Bearing down on the Labor Day marker signaling the turn into the stretch run of another baseball season the urgency of the hour is overwhelming. It's been a wacky season. So, with a month to go, in what passes for pennant races nowadays, we have the following phenomena, ranging from the improbable to the downright silly.
Of the teams that have either dominated or perennially contended over the last decade -- the Yankees, Red Sox, White Sox, Angels in the AL and the Dodgers, Cardinals, Phillies, Cubs and Mets in the NL -- it's likely no more than two will be around to belly up to the bar come this October. And it's possible there will be no more than one; either the Phillies or Yankees.
On the other hand, those riding high and appearing to be for real include such long term sob sisters as the Padres, Rangers and Reds, all having a firm grip on a playoff spot with a month left. A fourth 21st century outcast -- the Giants -- are but a game out of the NL wild-card, as of the writing. Of the usual suspects (along with the inevitable Yankees) only the Twins and Braves -- neither of them heavy spenders -- top their divisions heading into the stretch, although Atlanta is vulnerable should the Phillies snap out of their season-long sleepwalk.
So, what does it all mean? Seemingly, that the riches are spreading. Even though abuses persist, profit-sharing gimmicks are working. The renewed fierce devotion to development and youth looks wiser than ever. While the premium on free agency and the oafish big-footing with big-bucks looks chancier than ever, although admittedly that may come as news to such as the Yanks and Red Sox.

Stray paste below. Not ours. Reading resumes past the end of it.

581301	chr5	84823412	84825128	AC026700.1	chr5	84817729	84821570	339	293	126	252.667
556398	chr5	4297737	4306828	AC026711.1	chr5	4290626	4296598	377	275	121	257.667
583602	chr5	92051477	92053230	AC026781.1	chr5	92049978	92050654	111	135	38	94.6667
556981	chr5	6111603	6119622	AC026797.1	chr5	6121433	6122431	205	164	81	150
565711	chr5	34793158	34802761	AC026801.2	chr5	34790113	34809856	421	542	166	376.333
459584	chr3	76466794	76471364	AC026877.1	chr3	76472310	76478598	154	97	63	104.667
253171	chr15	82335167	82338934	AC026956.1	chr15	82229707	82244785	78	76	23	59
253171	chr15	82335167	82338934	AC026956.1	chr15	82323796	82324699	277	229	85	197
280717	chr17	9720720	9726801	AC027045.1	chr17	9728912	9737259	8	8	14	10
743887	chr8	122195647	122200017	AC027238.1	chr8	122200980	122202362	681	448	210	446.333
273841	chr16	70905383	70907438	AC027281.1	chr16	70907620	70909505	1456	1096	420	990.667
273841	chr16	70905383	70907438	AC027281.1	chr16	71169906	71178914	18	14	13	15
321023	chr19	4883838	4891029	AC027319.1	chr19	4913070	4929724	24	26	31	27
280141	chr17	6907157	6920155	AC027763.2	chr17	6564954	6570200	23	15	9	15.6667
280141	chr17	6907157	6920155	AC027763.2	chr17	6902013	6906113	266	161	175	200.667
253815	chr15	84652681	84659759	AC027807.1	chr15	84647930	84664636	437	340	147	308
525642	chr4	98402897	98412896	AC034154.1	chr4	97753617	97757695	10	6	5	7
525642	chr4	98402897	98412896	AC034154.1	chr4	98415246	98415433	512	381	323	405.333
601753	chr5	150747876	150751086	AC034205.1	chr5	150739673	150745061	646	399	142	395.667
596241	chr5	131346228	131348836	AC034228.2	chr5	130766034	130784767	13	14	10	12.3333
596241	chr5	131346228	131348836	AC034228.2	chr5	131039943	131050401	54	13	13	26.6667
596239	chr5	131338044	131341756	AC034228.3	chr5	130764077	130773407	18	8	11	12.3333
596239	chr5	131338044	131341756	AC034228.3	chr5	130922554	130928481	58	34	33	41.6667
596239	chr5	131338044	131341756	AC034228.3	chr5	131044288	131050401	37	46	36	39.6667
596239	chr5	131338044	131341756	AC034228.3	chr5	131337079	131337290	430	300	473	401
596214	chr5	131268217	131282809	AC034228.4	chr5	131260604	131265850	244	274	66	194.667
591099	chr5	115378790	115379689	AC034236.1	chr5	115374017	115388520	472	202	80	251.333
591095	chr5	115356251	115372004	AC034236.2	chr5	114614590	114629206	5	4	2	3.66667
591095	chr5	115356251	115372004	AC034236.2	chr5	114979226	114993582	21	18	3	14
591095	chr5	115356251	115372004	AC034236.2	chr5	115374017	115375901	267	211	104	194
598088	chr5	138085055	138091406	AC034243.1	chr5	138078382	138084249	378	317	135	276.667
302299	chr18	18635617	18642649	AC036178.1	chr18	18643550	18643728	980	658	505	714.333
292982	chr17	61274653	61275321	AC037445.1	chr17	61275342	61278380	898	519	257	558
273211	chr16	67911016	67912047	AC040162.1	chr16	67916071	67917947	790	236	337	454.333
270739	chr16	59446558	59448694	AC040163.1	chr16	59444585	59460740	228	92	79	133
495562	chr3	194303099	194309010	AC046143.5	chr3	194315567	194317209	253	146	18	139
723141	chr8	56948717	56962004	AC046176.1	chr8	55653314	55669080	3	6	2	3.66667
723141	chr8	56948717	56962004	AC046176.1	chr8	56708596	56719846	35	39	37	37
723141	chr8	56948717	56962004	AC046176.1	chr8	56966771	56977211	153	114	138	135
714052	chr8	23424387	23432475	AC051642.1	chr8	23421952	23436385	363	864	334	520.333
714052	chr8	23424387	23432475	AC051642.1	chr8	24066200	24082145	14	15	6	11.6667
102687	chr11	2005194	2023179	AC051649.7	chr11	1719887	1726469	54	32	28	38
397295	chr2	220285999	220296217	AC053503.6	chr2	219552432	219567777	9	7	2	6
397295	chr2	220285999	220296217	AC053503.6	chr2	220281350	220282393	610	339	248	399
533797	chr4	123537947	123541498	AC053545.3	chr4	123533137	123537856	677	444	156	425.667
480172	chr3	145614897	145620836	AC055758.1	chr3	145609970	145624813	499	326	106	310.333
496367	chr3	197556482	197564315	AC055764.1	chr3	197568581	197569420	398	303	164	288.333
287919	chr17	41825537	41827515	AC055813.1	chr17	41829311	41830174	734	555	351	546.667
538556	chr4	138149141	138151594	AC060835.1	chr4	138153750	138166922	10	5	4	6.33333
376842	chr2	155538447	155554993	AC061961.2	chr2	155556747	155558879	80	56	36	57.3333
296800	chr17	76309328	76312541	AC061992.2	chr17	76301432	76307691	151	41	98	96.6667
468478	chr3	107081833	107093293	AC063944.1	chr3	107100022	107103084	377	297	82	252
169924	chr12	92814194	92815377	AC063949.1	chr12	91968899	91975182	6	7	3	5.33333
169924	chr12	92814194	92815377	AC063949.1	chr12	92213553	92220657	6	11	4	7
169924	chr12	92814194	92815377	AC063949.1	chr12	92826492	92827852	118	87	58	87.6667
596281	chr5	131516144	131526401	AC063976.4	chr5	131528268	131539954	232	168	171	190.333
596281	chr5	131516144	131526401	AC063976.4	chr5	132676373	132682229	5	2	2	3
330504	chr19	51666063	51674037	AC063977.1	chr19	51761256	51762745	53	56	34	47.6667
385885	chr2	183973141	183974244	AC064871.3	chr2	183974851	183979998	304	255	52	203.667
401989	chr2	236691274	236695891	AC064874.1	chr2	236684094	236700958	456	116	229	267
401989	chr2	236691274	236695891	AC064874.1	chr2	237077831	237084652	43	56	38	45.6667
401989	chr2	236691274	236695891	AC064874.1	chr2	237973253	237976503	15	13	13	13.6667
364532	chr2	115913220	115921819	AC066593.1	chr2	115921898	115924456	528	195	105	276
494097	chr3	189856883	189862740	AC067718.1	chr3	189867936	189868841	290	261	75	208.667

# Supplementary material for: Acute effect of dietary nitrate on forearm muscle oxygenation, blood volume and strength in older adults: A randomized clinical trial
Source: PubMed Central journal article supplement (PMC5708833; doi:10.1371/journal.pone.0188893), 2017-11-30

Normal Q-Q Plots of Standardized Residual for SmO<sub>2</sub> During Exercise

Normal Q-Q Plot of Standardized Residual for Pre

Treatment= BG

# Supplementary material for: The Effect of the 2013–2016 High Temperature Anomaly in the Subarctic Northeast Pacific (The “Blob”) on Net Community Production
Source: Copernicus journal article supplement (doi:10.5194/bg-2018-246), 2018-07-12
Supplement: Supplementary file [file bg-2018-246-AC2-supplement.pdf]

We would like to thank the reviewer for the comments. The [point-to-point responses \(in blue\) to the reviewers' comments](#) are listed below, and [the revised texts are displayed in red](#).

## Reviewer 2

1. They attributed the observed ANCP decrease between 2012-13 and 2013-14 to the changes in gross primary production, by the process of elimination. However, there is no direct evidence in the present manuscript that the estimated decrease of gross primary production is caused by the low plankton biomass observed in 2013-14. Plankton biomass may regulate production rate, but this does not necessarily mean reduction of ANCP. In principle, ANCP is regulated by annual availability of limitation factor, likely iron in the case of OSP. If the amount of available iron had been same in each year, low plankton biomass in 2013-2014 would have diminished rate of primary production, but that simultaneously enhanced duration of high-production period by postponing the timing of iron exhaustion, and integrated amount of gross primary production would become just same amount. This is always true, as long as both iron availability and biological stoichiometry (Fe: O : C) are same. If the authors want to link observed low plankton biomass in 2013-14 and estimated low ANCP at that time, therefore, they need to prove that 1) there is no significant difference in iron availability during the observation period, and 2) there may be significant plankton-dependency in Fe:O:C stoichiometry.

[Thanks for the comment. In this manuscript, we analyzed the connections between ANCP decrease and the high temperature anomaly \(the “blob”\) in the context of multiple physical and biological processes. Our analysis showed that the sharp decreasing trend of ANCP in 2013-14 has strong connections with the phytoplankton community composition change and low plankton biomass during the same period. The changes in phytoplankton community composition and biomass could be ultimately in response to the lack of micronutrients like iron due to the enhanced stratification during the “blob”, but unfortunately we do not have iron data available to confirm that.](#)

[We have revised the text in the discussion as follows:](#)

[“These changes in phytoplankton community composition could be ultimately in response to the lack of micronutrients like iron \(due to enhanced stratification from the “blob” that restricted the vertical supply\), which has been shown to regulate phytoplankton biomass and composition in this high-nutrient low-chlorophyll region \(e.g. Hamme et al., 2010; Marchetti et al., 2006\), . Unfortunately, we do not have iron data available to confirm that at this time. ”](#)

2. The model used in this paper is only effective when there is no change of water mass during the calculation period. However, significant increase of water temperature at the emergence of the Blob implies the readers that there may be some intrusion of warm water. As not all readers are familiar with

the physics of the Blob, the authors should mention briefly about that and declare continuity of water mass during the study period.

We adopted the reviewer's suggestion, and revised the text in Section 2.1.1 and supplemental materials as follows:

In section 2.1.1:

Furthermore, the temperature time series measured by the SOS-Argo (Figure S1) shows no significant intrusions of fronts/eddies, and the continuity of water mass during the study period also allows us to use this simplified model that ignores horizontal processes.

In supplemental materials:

Bud Selig's so cleverly contrived parity isn't as much a factor this year. This September, only a dozen teams realistically vie for the eight playoff posts whereas in recent years 20 or more has been the norm down the stretch. Concomitantly, the ranks of the sad sack teams are swelling. At least seven are hopelessly adrift and were effectively eliminated by Mother's Day; the Orioles, Royals, Indians and Mariners in the AL; Pirates, Nationals and D'Backs in the NL. Honorary mention in this dreary category goes to the Cubs as a means of congratulating them on their latest ritual sacrifice of a fine manager who deserved much better, Lou Piniella.
If there is to be good old-fashioned pennant race hysteria at the end of the regular season it will have to be in East. In the NL, the Braves will have to scratch to hold off the Phillies who are finally getting healthy. And then there is the AL East where the Yankees, Red Sox and Rays rank as three of the entire game's five best teams and the Blue Jays are the best of the spoilers. Why, even the Orioles under new no-nonsense boss Buck Showalter are no longer patsies. It's essentially a lock that two AL East teams will make the playoffs. Which two and in what order remains the best regular season story yet to be told.
Credit the Red Sox for spunk. Having endured manpower losses totaling almost a thousand games to the disabled list they should be totally tuned out by now. For refusing to allow that to happen Terry Francona should be manager of the year. But if it's not Francona it has to be Joe Maddon, the delightfully urbane and witty sophisticate who pulls the Rays' strings. I remain convinced this Tampa team is not as good as it plays, although their young pitching is dandy. Maddon is the key. He's your veritable breath of fresh air, although he does tend to over-work his bullpen.
Still, it's not so much what these two have done but what the Yankees haven't that shapes this race. Clearly, Brian Cashman outwitted himself in the off-season. He messed needlessly with a nice winning equation somehow failing to understand how vital slick role-players Johnny Damon, Hideki Matsui, Jose Molina and Jerry Hairston Jr. were to the subtle chemistry of a champion. Cashman's major off-season deals for Curtis Granderson and Javy Vazquez, costing him promising young talent, are beginning to look disastrous. He may have scored well on the acquisition of reliever Kerry Wood at the trade deadline but the more notable deadline pick-up of aging slugger Lance Berkman is backfiring big-time.